Source: Kai Zhang, Duho Kim, Zhe Hu, Mihui Park, Gahee Noh, Yujeong Yang, Jing Zhang, Vincent Wing-hei Lau, Shu-Lei Chou, Maenghyo Cho, Si-Young Choi & Yong-Mook Kang/ Manganese based layered oxides with modulated electronic and thermodynamic properties for sodium ion batteries/ Nature Communications volume 10, Article number: 5203 (2019), 07 January 2019/ Open Access This article is licensed under a
Attribution 4.0 International (CC BY 4.0)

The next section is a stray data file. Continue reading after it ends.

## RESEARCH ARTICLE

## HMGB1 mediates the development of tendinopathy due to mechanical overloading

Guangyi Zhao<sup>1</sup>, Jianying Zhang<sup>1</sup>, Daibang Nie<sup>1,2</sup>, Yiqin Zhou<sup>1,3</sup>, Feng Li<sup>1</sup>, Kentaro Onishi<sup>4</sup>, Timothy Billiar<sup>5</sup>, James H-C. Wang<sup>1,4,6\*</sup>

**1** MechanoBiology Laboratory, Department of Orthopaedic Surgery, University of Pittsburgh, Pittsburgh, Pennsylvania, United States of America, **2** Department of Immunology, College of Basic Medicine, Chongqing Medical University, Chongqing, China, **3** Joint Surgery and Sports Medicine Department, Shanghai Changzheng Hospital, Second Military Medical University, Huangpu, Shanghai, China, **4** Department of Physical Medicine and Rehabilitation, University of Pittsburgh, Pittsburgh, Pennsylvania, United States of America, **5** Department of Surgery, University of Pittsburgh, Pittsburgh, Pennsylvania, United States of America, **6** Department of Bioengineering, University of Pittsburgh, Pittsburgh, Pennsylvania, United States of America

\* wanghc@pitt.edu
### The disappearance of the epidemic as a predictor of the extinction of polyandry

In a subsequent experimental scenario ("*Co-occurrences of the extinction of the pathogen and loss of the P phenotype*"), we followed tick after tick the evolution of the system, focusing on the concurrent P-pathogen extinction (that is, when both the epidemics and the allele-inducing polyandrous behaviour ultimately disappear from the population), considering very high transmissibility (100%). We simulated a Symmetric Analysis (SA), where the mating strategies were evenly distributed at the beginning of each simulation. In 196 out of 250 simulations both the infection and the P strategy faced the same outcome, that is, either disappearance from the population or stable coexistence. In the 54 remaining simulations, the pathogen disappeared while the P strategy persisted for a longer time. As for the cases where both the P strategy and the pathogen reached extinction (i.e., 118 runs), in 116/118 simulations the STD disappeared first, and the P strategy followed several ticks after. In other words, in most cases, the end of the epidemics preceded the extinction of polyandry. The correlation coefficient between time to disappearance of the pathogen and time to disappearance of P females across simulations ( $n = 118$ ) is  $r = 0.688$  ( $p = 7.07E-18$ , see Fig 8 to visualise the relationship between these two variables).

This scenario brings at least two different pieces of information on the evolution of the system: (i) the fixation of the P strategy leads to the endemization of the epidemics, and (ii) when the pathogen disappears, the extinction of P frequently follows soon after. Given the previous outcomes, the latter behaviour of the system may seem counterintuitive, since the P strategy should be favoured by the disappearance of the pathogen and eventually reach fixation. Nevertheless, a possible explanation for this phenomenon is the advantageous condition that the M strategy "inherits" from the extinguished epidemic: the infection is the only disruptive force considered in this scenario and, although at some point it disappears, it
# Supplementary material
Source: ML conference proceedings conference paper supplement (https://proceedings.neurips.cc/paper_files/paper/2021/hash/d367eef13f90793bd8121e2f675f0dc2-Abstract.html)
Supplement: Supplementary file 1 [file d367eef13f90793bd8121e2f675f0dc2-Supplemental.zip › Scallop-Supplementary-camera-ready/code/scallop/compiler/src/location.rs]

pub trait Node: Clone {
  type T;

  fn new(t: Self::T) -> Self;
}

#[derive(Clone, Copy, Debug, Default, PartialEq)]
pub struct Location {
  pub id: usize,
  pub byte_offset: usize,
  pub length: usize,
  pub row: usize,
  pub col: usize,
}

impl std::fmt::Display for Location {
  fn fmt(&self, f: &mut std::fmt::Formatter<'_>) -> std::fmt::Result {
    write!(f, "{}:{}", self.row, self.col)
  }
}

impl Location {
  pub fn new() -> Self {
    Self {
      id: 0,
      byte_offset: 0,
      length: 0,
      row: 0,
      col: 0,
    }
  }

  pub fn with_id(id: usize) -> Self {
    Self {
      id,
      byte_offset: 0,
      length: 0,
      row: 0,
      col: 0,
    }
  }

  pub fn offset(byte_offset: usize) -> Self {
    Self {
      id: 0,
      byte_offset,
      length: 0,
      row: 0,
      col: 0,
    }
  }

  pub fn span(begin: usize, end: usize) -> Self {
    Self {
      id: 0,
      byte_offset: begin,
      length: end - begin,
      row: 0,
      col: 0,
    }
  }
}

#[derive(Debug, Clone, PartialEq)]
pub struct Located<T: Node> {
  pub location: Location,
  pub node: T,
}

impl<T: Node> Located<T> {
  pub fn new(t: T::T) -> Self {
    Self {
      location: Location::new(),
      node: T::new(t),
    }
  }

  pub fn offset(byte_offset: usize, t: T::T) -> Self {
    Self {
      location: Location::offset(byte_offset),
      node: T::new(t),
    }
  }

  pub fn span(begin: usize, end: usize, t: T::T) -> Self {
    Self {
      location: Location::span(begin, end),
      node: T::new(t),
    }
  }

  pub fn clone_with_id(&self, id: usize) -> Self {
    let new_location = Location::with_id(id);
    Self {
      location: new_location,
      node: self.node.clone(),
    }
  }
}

In 2021, scientists wanted to find a solution to the limited capacity and inferior phase transition of sodium-ion batteries due to the gliding of transition-metal layers upon extraction and insertion of positive natrium ions in the cathode materials and found that the large-sized positively-charged potassium ion was riveted in the prismatic positive sodium ion sites of P2-Na0.612K0.056MnO2 to enable more thermodynamically favourable positive sodium ion vacancies. The manganese and oxygen bonds were strengthened to reduce phase transition during charge and discharge. 0.901 positive sodium-ions per formula were alternately extracted and inserted, in which only the two-phase transition of P2 ↔ P’2 took place at low voltages. The battery showed the highest specific capacity of 240.5 mAh g−1 and energy density of 654 Wh kg−1 and a capacity retention of 98.2% after 100 cycles. This research provided valuable insights into the tuneable chemical environments of transition-metal oxides for advanced cathode materials and promoted the development of sodium-ion batteries.